The Senate Homeland Security and Governmental Affairs Committee advanced a bill May 25 that aims to address potential conflicts of interest within the Federal contracting community. An amended version of the bill was reported favorably out of committee and heads to the full Senate for possible consideration.

The bill – titled the Preventing Organizational Conflicts of Interest in Federal Acquisition Act (S.3905) – would require Federal agencies to identify conflicts of interest early in the process by requiring contractors to disclose relationships with entities that would present a conflict of interest to the work the agency has tasked them to do.

“When private sector companies are working for the federal government – we need to know whether other parts of their business might conflict with the tasks they are performing for the American people,” Sen. Gary Peters, D-Mich., chairman of the committee and an original sponsor of the bill, said in a statement. “Unfortunately, federal contractors often fail to disclose this information – calling into question whether outside relationships could be influencing their taxpayer-funded work.”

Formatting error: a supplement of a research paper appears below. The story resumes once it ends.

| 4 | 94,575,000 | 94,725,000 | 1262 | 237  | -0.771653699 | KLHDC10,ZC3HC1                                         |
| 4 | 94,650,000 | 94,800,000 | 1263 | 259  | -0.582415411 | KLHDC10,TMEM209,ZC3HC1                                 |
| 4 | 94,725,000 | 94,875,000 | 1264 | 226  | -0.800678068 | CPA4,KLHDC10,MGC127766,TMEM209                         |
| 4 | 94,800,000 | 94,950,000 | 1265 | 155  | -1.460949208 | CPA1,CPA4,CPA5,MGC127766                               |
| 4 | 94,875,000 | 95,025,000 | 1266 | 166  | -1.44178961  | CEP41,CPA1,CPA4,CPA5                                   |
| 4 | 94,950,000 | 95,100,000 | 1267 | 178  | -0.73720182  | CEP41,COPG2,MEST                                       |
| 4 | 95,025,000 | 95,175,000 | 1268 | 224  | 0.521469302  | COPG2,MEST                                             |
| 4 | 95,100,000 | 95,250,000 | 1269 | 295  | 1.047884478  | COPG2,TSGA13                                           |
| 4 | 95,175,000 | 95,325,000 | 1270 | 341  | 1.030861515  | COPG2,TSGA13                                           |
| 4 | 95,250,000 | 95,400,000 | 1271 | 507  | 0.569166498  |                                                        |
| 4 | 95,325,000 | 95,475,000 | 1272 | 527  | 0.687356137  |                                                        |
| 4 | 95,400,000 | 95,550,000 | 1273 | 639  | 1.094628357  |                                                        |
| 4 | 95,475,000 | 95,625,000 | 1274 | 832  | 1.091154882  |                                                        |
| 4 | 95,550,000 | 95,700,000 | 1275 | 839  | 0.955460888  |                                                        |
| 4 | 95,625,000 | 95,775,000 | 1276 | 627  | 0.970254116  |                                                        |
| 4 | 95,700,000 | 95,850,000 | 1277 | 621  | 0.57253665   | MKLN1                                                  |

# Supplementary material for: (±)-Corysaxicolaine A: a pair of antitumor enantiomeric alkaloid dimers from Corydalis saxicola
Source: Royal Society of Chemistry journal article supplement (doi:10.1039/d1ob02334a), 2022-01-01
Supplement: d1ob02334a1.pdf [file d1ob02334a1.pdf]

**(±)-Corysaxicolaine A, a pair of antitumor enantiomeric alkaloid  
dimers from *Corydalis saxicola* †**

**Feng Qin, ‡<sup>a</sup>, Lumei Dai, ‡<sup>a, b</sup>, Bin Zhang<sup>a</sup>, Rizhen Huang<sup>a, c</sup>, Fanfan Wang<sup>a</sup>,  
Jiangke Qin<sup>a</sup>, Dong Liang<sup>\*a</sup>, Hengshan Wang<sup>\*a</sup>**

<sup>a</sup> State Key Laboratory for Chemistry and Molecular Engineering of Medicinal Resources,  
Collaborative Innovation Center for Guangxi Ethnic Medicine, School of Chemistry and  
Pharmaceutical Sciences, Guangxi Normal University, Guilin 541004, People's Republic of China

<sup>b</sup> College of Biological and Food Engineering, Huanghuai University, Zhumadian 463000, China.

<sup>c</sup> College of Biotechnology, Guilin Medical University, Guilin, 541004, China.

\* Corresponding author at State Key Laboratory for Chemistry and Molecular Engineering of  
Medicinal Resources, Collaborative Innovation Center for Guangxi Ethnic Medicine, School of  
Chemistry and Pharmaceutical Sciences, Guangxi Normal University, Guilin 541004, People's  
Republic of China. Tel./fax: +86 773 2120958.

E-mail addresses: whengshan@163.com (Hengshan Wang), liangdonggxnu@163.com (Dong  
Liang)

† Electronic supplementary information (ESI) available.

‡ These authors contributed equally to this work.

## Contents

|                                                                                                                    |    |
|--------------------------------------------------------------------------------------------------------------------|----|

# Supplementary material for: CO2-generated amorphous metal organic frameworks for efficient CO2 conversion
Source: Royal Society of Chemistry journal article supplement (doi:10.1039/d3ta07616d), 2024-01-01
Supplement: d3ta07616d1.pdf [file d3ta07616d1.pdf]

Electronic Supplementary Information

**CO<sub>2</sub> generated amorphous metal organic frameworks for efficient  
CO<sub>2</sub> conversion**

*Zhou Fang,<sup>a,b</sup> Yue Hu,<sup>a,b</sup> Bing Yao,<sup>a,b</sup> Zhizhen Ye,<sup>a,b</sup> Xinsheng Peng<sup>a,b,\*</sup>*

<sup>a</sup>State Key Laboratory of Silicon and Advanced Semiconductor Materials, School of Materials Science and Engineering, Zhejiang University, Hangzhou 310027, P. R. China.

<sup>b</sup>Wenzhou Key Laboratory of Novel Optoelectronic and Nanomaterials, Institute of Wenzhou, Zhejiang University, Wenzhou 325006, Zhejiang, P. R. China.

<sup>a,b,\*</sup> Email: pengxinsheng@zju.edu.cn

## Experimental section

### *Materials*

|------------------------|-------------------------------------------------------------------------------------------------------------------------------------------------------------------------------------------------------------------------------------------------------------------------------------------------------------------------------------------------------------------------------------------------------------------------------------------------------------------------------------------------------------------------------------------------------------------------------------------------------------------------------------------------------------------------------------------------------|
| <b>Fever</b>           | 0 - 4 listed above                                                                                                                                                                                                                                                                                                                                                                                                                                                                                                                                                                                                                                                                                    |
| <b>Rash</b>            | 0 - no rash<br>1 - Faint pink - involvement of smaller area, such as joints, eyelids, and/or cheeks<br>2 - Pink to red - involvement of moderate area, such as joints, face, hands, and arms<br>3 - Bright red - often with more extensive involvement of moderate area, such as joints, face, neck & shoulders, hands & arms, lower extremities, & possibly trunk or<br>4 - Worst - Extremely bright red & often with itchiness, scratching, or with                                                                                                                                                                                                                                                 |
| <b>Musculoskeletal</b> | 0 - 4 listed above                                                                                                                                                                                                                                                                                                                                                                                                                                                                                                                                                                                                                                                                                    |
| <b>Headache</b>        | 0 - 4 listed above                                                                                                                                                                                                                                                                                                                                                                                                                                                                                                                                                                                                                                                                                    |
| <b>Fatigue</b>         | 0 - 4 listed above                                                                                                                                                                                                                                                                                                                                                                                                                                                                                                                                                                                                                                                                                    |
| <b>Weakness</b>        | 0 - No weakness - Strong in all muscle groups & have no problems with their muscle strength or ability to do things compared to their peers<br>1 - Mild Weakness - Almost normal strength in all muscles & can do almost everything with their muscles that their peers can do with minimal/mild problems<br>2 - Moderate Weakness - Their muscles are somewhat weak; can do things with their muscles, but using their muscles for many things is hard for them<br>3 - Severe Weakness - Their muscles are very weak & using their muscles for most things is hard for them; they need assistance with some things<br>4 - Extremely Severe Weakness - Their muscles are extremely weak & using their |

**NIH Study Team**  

The bill was introduced by Sens. Peters; Chuck Grassley, R-Iowa; Maggie Hassan, D-N.H.; and Joni Ernst, R-Iowa in March.

In addition to requiring Federal contractors to disclose any business that would conflict with a new contract from a Federal agency, the bill would also apply to private companies already under contract with the Federal government.

The bill is supported by Citizens for Responsibility and Ethics in Washington (CREW), the Project on Government Oversight, and Transparency International U.S.

“When government policymaking is tainted by conflicts of interest, it weakens the legitimacy and credibility of the entire process. That erodes public confidence in government and harms democracy,” Scott Greytak, Director of Advocacy for Transparency International U.S., said. “This bill promotes greater transparency and accountability to ensure the public can trust that government is making decisions with their best interests at heart.”

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Lamar Johnson
Lamar Johnson
Lamar Johnson is a MeriTalk Senior Technology Reporter covering the intersection of government and technology.